On the morning of Weds., Oct. 18, Amy Bossard, a southeast Portland resident, was shocked by a message she encountered in front of her neighborhood bar: “We like our beer like our violence: Domestic.”
The owner of Area 52 bar in Portland’s Brentwood-Darlington (BD) neighborhood did not claim responsibility. He said a “vagrant” with their own chalk must have written the sign.
No matter who wrote it, however, neighbors are outraged.
“As neighbors, we’re all trying to create a safe space” said BD resident Stephanie King. “A sign like that…doesn’t create a safe space for people in the community or, really, anybody.”
Area 52 on SE 52nd Avenue and Bybee Boulevard, unmistakable for its large black-and-white alien mural, frequently advertises live music and food specials on a sandwich-style chalkboard outside the building. It’s a small but lively hub on the weekends and most evenings: usually a half dozen people are seen smoking on the front patio while music echoes from inside.
“We positively would never, ever, ever have anything like that on [the chalkboard],” said owner Ryan Goosmann. “I can’t believe there would be some vagrant that would do such a thing.”
Bar Manager Dorma Williams lives next door to the bar. She closed the business down last night and said someone must have written the message this morning.
“That has nothing to do with us,” Williams said. She added that Goosmann, also the owner of Total Quality Construction in Newberg, Ore., does not frequent Area 52 often. Williams said he couldn’t possibly be responsible either.
Some locals are skeptical, however. Anthony Schoepfin, son of the owner of Mehri’s Cafe and Bakery across the street, said he’s not surprised by the sign. Over the summer he saw another “degrading” message on the sandwich board, but he could not remember the details.
“It’s definitely their handwriting,” Schoepfin said. He added that after Goosmann bought the business a few years ago, he didn’t keep regular hours. Area 52 regulars, finding the bar closed, would come to Mehri’s to ask, “what is going on with this place?”
Schoepfin said he called Goosmann at his construction business number during that time to ask what the bar’s schedule was. “[Goosmann] said ‘we open when we want to.’” Schoepfin added, “They’re not very nice people.”
Goosmann sounded befuddled on the phone with Portland State Vanguard this morning. “What the hell is ’violence domestic’?” Goosmann asked, adding that Williams called him earlier to tell him about the sign. Goosmann said she told him the sign said “Monday night football” as of last night.
“I don’t want that kind of publicity for my damn tavern,” Goosmann said.
But it won’t be Goosmann’s tavern for much longer. He is in the process of selling Area 52.
Linda, a BD resident who did not want her last name published until she is the official owner, said she and her husband plan to close on the bar at the end of next month.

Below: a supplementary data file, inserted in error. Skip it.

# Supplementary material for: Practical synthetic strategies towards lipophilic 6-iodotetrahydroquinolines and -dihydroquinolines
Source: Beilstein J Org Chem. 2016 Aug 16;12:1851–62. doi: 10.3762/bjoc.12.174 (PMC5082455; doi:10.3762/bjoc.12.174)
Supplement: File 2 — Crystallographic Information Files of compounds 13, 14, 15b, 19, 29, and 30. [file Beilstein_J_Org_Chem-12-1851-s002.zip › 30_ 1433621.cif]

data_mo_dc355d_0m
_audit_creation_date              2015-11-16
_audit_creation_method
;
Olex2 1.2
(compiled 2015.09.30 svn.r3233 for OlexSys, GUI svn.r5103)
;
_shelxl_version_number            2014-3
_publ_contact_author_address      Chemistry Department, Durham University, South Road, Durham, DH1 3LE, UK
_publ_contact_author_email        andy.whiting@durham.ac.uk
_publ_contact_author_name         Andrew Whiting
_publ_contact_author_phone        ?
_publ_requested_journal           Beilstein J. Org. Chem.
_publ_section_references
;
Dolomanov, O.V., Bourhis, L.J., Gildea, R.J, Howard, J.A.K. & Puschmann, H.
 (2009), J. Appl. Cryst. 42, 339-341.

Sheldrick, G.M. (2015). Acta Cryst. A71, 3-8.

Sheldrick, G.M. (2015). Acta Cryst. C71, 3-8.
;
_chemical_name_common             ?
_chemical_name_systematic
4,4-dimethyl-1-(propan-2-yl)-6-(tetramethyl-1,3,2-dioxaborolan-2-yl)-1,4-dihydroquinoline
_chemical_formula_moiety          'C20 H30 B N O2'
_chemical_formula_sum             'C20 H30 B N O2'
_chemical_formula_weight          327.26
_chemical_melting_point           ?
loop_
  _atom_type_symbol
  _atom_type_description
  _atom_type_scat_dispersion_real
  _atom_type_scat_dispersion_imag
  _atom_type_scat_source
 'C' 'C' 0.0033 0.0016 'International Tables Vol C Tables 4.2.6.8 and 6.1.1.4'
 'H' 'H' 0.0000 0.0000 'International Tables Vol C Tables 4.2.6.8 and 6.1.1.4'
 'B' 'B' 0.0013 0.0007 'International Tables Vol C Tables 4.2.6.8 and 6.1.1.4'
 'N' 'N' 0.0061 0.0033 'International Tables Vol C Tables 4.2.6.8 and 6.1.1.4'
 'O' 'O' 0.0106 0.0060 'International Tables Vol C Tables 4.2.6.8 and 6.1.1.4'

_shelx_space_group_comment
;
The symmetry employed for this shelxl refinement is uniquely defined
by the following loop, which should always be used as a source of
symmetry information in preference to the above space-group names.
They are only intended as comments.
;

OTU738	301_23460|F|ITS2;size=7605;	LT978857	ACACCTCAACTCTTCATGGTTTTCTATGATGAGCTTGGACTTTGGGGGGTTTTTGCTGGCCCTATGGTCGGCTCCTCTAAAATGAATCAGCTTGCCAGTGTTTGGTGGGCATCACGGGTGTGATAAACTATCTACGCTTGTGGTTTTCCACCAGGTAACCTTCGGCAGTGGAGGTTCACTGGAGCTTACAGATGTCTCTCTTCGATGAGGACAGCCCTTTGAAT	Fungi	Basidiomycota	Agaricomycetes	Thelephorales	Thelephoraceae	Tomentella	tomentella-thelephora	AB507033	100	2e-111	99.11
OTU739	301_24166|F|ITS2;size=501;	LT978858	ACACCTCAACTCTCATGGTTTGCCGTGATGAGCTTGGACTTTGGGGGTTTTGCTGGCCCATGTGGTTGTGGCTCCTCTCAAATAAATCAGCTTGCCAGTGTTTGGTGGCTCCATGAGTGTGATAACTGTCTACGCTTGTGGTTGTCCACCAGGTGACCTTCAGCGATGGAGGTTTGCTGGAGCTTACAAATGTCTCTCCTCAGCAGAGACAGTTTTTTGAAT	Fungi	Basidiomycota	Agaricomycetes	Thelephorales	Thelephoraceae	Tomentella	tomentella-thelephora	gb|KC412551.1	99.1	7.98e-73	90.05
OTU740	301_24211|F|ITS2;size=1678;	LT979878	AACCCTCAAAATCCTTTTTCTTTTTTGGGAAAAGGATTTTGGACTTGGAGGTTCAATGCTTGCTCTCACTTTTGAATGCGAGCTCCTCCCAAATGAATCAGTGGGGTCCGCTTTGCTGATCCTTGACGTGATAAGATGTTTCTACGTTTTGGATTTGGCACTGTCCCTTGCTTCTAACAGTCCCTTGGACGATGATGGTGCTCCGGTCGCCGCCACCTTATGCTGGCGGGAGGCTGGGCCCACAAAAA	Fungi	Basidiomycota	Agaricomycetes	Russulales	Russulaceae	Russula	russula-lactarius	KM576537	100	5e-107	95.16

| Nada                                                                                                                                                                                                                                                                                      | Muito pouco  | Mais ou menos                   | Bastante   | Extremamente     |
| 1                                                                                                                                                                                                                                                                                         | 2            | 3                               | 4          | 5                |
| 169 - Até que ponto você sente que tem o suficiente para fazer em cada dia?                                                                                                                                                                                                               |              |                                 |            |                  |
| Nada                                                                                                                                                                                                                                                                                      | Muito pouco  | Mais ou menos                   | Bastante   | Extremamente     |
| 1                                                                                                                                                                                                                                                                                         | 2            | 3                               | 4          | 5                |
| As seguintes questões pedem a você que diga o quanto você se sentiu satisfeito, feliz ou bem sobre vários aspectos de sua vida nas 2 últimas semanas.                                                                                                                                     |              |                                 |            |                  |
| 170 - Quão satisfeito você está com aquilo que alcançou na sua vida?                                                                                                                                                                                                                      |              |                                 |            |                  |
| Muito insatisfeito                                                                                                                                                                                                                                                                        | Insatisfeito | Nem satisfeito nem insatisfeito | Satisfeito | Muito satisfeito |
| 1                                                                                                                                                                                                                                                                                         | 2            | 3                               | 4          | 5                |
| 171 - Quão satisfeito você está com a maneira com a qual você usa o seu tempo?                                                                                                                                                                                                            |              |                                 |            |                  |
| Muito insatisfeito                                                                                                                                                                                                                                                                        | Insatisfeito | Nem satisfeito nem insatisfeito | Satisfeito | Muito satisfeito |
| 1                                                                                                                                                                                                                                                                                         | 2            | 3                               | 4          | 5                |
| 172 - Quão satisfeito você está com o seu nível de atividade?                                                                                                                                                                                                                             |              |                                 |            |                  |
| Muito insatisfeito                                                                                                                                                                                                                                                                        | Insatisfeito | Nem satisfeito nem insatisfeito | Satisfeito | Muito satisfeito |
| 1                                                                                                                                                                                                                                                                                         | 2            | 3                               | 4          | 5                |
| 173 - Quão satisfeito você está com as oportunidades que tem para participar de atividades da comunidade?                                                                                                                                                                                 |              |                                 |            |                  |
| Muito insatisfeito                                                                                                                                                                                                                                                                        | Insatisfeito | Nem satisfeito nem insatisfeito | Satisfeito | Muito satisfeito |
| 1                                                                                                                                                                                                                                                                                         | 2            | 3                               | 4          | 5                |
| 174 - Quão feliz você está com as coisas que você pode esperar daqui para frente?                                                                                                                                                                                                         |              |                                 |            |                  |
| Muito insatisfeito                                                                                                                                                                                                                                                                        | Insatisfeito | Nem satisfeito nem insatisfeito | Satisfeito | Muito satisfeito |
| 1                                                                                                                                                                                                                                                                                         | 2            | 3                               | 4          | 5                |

The sign “is making me feel sick to my stomach,” Linda said. “It’s horrifying. And to think that somebody that works there did this? That has me absolutely irate.”
Linda can’t be sure an employee wrote the sign, but like Schoepfin, she doesn’t think the handwriting “looks much different” than usual.
Linda added she thinks Area 52 is “one of the biggest eyesores in the neighborhood.” She said she, her husband and her friends have seen a lot of “questionable” customers come to the bar.
Otherwise proud BD residents aren’t happy with this incident and the kind of publicity it brings.
“The owner, the manager, and the neighborhood are all on notice and are angry,” Bossard wrote on Facebook. “Some, however, are willing to sweep it under the rug so as not to bring any more negative publicity to a neighborhood that we ALL work so hard to make livable.”
Brentwood-Darlington has been labelled “Felony Flats” in the past for its proximity to SE 82nd Ave. and its traditionally low-income demographic. The neighborhood’s vicinity to the Springwater Corridor Trail has attracted homeless campers and dilapidated vehicles to its public roadways and vacant homes.
Local neighborhood leaders and the neighborhood’s new neighborhood watch group, as well as members of the Moose Lodge down the street from Area 52, continue trying to keep BD on a positive trajectory.
“Obviously it’s an unfavorable thing that doesn’t make our neighborhood look good,” said King. “But I think also if we continue to remain silent, it’s tacit approval.”
Goosmann said he should have security footage from last night, and he will look through it to try to find the perpetrator. Williams thanked the Vanguard “for bringing it to our attention,” and promptly erased the board.
Linda said she will be remodeling and repainting Area 52 and changing its name. As a parent and grandparent that lives just a few blocks away, she hopes to attract customers like herself that want to be able to walk somewhere safe and enjoy a drink.
“I don’t want to shun anybody away,” Linda said, “but I definitely want to clean [the bar] up and make it a place in the neighborhood that people want to hang out [in].”
King looks forward to positive changes coming of this incident. Hopefully, King said, “we can grow a bridge to make a stronger community and go from there.”
[Updated 4 p.m.: With additional interview with Area 52’s expected new owner Linda]